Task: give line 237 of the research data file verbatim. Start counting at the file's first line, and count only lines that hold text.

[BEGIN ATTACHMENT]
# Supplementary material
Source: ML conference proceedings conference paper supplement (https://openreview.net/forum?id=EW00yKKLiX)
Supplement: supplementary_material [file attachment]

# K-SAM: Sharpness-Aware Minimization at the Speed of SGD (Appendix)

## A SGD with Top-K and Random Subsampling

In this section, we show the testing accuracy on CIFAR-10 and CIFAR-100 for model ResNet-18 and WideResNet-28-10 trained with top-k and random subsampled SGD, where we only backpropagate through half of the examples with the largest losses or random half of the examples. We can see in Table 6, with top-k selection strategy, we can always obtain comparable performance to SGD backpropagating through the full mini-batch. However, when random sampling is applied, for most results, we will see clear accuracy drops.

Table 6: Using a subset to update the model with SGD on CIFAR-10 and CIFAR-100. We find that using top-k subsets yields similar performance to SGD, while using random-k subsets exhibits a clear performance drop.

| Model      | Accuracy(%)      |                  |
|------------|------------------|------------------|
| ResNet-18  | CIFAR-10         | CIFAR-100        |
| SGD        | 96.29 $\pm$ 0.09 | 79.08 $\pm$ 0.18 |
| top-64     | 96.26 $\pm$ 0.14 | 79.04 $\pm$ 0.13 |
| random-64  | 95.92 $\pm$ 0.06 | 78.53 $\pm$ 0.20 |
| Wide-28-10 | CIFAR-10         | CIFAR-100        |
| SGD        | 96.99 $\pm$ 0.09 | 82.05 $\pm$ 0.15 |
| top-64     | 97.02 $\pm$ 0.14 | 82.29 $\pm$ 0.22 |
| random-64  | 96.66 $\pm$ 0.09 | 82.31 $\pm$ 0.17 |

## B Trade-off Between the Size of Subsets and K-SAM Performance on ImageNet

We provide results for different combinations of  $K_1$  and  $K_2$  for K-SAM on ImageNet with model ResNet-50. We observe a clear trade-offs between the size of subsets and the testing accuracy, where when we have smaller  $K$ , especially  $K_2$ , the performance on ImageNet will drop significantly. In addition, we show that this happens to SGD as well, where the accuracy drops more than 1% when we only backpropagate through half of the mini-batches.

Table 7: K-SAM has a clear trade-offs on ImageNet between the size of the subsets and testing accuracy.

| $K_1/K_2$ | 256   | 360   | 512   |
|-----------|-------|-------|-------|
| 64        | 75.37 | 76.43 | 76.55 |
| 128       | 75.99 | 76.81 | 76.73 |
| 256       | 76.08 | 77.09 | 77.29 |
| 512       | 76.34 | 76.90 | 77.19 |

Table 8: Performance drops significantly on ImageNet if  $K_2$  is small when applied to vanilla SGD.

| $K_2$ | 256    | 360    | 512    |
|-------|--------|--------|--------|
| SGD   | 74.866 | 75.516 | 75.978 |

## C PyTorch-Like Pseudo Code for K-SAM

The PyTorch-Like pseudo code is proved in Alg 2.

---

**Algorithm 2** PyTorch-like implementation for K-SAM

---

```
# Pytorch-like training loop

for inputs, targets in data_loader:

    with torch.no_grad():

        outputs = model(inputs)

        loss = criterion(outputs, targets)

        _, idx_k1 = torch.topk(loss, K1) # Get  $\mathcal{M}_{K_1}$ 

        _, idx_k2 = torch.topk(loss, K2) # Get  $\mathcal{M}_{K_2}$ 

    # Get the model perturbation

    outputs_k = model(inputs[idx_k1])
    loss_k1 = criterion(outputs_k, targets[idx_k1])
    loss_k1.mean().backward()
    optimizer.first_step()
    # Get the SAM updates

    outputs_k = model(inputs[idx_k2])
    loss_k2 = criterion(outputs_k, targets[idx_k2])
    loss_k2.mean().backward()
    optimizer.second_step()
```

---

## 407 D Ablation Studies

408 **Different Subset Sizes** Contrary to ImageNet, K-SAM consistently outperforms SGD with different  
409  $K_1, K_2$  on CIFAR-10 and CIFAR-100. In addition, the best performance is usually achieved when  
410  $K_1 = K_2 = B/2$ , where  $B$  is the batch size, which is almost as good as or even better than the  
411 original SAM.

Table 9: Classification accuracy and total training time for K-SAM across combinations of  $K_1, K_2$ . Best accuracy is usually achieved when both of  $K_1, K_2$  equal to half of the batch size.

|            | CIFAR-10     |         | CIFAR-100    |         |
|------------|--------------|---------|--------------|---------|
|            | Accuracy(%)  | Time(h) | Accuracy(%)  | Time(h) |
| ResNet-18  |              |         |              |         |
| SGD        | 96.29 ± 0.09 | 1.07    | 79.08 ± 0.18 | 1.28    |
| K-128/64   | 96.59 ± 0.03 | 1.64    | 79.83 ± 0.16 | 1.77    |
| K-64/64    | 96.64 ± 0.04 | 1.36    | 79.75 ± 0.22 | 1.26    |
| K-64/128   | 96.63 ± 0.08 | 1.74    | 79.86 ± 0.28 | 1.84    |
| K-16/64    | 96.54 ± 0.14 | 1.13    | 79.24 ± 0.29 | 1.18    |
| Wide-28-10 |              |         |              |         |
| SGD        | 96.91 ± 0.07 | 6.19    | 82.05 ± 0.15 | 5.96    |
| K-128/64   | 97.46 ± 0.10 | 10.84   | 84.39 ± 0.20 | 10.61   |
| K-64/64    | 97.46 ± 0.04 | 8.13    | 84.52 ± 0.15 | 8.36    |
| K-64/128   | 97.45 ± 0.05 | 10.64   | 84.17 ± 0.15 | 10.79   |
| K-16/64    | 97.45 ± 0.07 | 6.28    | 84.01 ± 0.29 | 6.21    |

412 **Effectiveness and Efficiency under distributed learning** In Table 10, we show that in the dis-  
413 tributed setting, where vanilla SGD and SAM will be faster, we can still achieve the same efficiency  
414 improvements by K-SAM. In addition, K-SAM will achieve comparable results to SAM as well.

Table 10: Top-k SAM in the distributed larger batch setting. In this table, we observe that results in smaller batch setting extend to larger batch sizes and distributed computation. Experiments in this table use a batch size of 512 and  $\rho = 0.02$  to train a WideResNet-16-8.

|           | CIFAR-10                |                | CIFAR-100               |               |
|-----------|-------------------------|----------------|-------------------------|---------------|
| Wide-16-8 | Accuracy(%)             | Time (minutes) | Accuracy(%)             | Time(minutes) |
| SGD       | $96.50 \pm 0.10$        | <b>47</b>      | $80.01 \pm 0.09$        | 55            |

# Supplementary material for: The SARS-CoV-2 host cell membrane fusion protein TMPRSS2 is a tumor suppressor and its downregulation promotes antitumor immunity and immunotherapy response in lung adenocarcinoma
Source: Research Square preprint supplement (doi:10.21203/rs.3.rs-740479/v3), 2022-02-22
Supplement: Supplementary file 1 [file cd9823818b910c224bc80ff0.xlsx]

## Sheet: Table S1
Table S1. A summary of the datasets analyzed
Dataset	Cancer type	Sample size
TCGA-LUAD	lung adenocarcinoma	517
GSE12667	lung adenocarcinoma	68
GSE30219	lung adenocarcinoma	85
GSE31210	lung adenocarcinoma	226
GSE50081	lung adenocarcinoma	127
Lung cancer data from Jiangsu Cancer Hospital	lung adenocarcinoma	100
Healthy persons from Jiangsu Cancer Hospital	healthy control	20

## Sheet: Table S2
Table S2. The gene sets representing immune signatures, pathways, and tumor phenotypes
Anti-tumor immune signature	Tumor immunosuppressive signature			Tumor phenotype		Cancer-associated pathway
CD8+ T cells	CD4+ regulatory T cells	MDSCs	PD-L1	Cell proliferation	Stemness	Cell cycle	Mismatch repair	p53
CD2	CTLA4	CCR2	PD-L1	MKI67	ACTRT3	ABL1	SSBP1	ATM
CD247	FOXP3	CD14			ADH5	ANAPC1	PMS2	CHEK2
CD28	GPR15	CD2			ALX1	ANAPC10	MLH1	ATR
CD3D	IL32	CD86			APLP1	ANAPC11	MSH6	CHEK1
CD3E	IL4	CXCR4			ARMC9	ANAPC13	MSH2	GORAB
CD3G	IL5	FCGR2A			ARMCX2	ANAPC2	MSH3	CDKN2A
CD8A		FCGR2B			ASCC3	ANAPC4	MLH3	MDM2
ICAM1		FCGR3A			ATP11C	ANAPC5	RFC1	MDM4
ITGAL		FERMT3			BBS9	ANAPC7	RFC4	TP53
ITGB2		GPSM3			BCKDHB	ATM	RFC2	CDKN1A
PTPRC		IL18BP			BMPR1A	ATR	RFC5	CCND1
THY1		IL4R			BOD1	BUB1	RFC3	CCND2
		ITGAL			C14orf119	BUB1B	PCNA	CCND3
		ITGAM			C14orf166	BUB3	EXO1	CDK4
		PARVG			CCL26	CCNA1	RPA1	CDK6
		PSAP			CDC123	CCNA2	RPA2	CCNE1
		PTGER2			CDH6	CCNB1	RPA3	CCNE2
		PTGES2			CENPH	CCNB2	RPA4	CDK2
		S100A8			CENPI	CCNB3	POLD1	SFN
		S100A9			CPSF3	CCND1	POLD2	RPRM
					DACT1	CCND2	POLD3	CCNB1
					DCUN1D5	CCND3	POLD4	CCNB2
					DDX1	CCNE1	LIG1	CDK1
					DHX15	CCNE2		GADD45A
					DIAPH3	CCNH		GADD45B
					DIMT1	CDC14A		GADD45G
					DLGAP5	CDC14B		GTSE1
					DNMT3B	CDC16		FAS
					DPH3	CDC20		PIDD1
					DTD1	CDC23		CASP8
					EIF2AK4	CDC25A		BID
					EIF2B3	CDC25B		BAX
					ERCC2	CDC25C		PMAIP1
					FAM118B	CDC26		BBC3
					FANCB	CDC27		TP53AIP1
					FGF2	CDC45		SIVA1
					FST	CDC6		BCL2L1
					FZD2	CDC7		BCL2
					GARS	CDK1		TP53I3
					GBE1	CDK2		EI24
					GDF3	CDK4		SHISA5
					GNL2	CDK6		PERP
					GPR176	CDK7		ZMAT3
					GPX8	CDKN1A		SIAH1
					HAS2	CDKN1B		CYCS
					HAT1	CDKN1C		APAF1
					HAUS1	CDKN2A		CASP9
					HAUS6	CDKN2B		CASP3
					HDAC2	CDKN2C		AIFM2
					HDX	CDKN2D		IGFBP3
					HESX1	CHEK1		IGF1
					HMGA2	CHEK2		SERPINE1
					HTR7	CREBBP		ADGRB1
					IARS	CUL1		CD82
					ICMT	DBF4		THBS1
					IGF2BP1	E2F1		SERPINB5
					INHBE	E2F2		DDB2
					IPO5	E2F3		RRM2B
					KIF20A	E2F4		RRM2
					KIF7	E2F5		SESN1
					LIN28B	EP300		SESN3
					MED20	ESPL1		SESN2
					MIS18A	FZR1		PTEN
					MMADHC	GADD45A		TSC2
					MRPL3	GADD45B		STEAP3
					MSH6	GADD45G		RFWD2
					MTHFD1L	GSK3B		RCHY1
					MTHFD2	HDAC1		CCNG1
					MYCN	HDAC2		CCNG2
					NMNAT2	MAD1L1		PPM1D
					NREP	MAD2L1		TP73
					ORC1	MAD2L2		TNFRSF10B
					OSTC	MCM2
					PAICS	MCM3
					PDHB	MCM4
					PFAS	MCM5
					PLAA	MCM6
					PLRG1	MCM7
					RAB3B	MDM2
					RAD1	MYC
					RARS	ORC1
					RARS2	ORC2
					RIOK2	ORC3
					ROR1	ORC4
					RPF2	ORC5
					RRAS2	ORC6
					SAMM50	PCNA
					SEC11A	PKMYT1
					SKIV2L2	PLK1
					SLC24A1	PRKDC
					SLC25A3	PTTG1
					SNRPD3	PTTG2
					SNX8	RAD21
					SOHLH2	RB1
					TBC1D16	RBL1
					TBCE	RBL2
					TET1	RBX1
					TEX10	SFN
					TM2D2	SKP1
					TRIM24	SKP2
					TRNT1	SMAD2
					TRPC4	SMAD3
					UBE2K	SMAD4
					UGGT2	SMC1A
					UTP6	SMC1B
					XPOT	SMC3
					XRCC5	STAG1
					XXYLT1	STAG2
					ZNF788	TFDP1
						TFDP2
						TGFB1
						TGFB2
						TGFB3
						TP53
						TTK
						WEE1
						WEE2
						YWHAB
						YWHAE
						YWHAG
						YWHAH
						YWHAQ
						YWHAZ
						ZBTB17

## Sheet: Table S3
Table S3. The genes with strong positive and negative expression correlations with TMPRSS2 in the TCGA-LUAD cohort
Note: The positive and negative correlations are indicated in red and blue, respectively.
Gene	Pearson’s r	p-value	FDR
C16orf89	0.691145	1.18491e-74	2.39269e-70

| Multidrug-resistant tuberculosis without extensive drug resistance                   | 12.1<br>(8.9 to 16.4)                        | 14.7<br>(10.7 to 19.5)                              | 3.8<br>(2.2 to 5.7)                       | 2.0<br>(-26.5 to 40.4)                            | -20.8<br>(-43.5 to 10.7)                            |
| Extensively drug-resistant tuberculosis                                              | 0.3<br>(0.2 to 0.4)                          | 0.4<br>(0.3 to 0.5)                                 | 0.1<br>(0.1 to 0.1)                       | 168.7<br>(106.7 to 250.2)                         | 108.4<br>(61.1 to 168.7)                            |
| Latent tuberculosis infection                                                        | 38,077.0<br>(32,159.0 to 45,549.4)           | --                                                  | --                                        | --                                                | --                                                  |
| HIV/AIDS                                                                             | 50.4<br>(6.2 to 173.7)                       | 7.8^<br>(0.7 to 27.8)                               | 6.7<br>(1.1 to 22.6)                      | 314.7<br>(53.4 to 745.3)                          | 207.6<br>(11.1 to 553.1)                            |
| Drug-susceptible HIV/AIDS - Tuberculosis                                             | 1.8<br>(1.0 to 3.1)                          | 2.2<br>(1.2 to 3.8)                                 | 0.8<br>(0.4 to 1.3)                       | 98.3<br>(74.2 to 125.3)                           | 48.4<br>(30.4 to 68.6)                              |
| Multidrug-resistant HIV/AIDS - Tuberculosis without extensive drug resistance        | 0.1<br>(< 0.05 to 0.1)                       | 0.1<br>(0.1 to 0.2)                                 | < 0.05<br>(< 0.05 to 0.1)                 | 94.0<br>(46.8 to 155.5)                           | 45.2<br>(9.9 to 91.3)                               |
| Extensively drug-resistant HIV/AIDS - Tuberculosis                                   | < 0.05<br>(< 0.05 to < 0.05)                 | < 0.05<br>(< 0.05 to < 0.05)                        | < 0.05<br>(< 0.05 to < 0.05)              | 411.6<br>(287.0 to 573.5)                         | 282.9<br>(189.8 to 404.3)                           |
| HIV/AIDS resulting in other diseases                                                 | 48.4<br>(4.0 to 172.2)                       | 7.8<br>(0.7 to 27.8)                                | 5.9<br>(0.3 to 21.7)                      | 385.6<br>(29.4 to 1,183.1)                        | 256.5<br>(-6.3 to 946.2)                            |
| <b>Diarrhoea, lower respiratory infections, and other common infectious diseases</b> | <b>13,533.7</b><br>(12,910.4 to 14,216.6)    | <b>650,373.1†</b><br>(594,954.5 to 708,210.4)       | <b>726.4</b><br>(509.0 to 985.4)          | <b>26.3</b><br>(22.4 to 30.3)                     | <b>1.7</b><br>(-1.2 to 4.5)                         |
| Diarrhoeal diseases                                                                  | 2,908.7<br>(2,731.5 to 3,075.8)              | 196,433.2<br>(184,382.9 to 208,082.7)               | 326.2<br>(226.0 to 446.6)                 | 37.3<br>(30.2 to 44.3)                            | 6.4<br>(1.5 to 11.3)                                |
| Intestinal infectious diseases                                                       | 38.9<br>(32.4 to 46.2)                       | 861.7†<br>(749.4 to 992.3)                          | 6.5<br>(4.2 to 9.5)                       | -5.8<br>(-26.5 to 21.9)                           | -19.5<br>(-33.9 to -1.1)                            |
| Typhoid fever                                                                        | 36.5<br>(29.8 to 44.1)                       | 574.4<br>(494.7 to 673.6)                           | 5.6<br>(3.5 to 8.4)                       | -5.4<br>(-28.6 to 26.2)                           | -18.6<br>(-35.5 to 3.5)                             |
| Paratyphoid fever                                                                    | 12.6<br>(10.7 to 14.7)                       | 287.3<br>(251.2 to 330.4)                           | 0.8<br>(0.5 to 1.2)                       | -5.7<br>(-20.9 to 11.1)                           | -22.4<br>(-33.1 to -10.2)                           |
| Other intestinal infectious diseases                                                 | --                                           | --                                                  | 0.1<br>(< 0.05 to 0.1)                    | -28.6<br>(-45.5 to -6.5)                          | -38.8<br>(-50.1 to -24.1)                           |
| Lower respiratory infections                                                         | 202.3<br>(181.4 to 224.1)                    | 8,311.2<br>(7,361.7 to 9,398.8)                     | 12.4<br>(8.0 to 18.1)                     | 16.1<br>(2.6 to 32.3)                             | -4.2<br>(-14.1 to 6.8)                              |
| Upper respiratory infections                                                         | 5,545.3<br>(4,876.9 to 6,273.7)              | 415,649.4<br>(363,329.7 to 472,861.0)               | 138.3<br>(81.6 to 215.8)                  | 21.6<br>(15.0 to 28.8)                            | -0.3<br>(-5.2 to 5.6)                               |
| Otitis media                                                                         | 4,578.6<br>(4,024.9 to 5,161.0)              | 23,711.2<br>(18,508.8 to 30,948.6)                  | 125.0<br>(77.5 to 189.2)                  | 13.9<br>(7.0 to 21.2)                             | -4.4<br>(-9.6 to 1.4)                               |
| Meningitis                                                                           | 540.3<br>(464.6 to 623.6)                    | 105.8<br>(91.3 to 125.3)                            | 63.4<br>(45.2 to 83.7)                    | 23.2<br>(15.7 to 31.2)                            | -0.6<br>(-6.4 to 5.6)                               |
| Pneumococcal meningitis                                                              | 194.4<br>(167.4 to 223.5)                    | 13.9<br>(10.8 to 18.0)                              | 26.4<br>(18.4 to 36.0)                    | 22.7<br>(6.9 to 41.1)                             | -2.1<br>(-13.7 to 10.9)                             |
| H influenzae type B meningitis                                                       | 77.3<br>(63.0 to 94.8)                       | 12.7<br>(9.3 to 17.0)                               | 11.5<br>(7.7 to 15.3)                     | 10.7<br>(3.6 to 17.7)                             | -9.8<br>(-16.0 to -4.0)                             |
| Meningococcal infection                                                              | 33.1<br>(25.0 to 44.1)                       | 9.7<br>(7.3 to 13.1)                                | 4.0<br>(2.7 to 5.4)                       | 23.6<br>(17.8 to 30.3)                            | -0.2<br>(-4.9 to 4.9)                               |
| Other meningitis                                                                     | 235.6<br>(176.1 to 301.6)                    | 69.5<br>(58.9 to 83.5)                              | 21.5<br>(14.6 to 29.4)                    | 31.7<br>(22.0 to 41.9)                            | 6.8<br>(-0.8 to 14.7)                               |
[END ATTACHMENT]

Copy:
| Extensively drug-resistant HIV/AIDS - Tuberculosis                                   | < 0.05<br>(< 0.05 to < 0.05)                 | < 0.05<br>(< 0.05 to < 0.05)                        | < 0.05<br>(< 0.05 to < 0.05)              | 411.6<br>(287.0 to 573.5)                         | 282.9<br>(189.8 to 404.3)                           |